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Why ‘failure-fear’ shouldn’t hold you back

It’s inevitable that each of us will experience fear at some point in our lives and the fear of failure is the one we’re most likely to resonate with. We aren’t born with fear, however, it is an emotion that becomes familiar to us through the experience of life. As we age, as we progress through the stages of our lives, fear is an impossible emotion to avoid because naturally, at some point – we must fail before we succeed. It is all part of the learning curve we embark on throughout our life journey and yet still, it is not uncommon practice to choose to avoid it. We buy into the misconception that by avoiding our fears, we are protecting ourselves but the reality here is, we’re only limiting ourselves from reaching our highest potential. Avoiding failure hypnotises us into staying where we are, never pushing beyond what we know we’re already good at, but it robs us of the opportunity to explore life beyond an unnecessary safety net.

So how do we stop this self-sabotage and accept that fear of failure doesn’t need to hold us back? We need to step back from the situation and rationalise our fears. What are we reallyafraid of? When we start to build the picture of outcomes and worst-case scenarios, the ‘what ifs’ of failing often seem much less significant than we initially imagined them to be. This is because we’ve sold ourselves a theory that failing is detrimental to our success, when in contrast – success demands failure. To be remarkable and masterful at something, to excel in our sport, our life ambitions, our business goals – we must be willing to accept failure as part of the learning process. More than this, we must not let our fear of failure stand in our way.

Epictetus, an ancient Greek stoic philosopher, developed a theory that can be exceptionally useful in facing our fear of failure. This philosophy, commonly known as the ‘Sphere of Choice’ focuses on dealing with both the internal and external elements within our control that can ultimately transform the approach we take towards fear. Using his theory, if we are holding back because of the fear of external factors, for example: we are afraid of what people might say when we fail or we fear the reactions of those around us – in order to push past them, we must learn to let them go. If our fears are founded on internal factors including our own sense of character, personal values and beliefs and individual behaviour – we need to make the decision to act and lift the limitations we’ve placed upon ourselves. Think about the times you’ve failed so far. Did you fail because you believed you weren’t good enough? Did you fail because you believed you couldn’t do it? Was your fear of public response and outside influence so great that it held you back from succeeding?Asking ourselves the right questions can help us identify how to face our fears of failure, most effectively.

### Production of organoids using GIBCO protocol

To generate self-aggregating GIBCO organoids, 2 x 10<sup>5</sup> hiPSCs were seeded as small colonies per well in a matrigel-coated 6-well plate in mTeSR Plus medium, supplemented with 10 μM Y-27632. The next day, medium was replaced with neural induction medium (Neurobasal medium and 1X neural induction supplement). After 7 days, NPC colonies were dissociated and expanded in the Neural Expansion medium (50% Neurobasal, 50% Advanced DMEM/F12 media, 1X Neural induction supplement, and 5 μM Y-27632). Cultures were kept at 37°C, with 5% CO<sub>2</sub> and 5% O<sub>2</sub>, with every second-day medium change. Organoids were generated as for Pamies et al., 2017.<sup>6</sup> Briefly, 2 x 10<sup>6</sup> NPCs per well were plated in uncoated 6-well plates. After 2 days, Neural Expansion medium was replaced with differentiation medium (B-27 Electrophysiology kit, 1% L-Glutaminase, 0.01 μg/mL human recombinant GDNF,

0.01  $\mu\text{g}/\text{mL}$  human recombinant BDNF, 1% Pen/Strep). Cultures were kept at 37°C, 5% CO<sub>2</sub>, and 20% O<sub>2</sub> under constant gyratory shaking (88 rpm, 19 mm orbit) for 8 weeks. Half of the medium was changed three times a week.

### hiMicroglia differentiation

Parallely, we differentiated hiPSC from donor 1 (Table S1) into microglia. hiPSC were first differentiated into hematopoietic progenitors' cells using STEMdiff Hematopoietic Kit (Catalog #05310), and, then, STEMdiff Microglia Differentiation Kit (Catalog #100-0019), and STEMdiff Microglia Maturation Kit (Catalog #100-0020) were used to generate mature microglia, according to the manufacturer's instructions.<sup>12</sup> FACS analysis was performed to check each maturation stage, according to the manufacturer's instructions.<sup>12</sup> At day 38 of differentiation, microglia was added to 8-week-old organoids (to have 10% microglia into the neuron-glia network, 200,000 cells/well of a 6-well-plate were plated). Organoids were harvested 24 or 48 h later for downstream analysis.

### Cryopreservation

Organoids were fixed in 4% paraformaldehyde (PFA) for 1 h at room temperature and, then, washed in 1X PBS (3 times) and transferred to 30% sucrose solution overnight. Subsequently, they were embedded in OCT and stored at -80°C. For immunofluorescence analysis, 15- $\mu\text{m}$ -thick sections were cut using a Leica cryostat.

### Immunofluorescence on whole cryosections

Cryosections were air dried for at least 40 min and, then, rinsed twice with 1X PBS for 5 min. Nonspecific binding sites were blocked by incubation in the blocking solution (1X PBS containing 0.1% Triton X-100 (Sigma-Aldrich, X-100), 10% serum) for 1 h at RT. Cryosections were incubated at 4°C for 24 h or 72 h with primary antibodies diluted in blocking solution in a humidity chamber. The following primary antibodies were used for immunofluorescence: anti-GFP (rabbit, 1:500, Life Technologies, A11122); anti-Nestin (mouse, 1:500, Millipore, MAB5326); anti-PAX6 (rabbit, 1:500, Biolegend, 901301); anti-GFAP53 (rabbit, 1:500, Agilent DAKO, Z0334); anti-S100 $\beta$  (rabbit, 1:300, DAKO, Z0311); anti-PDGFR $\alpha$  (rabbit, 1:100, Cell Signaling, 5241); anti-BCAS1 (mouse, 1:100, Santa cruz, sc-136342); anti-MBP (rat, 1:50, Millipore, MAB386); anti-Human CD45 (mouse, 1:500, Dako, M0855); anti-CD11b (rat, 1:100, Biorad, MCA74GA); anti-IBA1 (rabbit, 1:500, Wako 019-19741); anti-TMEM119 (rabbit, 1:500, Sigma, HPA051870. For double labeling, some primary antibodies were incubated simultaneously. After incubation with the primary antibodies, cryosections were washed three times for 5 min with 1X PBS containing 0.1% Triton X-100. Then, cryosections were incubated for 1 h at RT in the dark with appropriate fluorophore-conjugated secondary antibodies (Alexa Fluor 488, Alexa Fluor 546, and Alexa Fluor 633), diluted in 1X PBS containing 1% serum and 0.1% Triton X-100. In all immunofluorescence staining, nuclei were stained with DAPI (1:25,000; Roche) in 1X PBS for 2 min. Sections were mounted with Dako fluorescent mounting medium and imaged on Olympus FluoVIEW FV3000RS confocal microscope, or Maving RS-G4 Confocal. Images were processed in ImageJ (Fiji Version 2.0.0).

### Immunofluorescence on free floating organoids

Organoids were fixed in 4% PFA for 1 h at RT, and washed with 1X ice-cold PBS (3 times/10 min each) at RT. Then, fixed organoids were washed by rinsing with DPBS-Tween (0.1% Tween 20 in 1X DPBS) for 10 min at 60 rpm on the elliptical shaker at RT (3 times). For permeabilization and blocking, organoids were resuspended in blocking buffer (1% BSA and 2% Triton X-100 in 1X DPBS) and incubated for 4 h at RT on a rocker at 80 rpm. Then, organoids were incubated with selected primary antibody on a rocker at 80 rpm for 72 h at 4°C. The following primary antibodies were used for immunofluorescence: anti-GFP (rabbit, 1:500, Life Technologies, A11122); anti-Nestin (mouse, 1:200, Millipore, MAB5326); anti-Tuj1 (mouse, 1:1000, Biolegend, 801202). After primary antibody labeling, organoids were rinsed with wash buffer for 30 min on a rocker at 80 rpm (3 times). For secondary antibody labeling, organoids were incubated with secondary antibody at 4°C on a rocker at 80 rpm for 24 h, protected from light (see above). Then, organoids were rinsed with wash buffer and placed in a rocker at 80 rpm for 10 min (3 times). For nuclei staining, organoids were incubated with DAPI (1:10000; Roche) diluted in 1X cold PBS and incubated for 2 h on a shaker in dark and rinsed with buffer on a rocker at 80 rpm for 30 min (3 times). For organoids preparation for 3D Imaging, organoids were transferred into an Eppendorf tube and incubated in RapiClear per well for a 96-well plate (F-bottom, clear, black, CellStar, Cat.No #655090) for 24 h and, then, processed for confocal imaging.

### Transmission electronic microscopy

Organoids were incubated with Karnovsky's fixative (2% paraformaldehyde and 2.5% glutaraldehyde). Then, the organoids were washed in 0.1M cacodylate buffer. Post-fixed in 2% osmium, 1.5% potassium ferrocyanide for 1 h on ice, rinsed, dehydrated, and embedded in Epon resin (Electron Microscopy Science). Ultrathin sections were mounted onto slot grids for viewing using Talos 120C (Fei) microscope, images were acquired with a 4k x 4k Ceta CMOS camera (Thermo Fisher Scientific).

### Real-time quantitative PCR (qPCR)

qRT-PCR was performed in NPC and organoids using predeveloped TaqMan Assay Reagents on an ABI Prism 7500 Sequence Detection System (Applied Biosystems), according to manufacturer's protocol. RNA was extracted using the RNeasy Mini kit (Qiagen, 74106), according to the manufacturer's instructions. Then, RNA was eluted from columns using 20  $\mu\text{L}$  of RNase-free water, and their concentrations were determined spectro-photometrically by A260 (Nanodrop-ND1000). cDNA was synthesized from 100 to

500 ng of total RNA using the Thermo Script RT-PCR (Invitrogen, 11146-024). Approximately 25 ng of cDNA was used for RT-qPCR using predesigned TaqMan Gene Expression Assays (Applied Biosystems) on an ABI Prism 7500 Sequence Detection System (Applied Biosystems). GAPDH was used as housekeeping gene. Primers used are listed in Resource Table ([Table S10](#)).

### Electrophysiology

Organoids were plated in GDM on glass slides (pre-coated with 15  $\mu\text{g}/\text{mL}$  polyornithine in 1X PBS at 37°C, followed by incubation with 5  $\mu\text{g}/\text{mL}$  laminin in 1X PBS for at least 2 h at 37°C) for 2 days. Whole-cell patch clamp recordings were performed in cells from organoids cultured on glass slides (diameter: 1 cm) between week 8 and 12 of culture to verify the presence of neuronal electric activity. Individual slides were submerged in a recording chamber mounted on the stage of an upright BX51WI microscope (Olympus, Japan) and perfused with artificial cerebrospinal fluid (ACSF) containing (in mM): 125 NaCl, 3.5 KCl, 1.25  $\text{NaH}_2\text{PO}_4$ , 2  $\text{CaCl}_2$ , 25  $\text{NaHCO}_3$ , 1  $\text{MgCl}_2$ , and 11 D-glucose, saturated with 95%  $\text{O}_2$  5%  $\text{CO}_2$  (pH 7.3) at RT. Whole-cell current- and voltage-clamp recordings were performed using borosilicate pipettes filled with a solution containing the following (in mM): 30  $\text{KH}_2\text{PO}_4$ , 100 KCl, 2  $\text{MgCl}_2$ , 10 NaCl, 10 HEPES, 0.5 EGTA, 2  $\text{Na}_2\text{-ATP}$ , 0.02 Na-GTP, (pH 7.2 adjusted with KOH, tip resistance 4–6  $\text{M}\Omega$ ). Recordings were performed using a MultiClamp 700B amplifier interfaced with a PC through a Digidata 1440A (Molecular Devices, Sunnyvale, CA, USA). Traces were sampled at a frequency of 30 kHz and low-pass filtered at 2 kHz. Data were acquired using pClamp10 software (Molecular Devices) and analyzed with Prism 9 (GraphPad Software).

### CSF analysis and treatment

It’s often said the best way to face fear and overcome failure, is to imagine yourself at the end of your life. Eighty years old – how do you feel about the things you didn’t do, the things you didn’t attempt to achieve? If your hypothetical eighty-year-old self regrets the missed opportunities, then you should at least feel empowered to make the decision to change it.

Of course, as elite athletes – failure is an inevitable part of the sporting experience. We may have many times, overcome the fear of failure when competing, performing and playing. Despite the resilience built up through years of dedication, commitment, blood, sweat and tears – at ACT, we occasionally still stumble across the fear of failure amongst some of our highest performing athletes. Often, it is the fear of failing beyond sport and stepping outside of that ‘comfort zone’. This is where our transitional and support programmes provide athletes with the resources and tools needed to prepare them for the changes ahead of retirement and our sports Psychologist, Ben Paszkowec, supports athletes in facing their individual fears throughout the transition.

If you’re reading this today, take just one thing from this post:

Michael Jeffery Jordan, one of the most iconic and successful American Basketball players, was cut from his high school basketball team because his coach believed his skills were not good enough. He later went on to become the principal owner of the Charlotte Hornets of the National Basketball Association, playing 15 seasons in the NBA and winning six championships with the Chicago Bulls.

Michael Jordan was not held back by the fear of failure.


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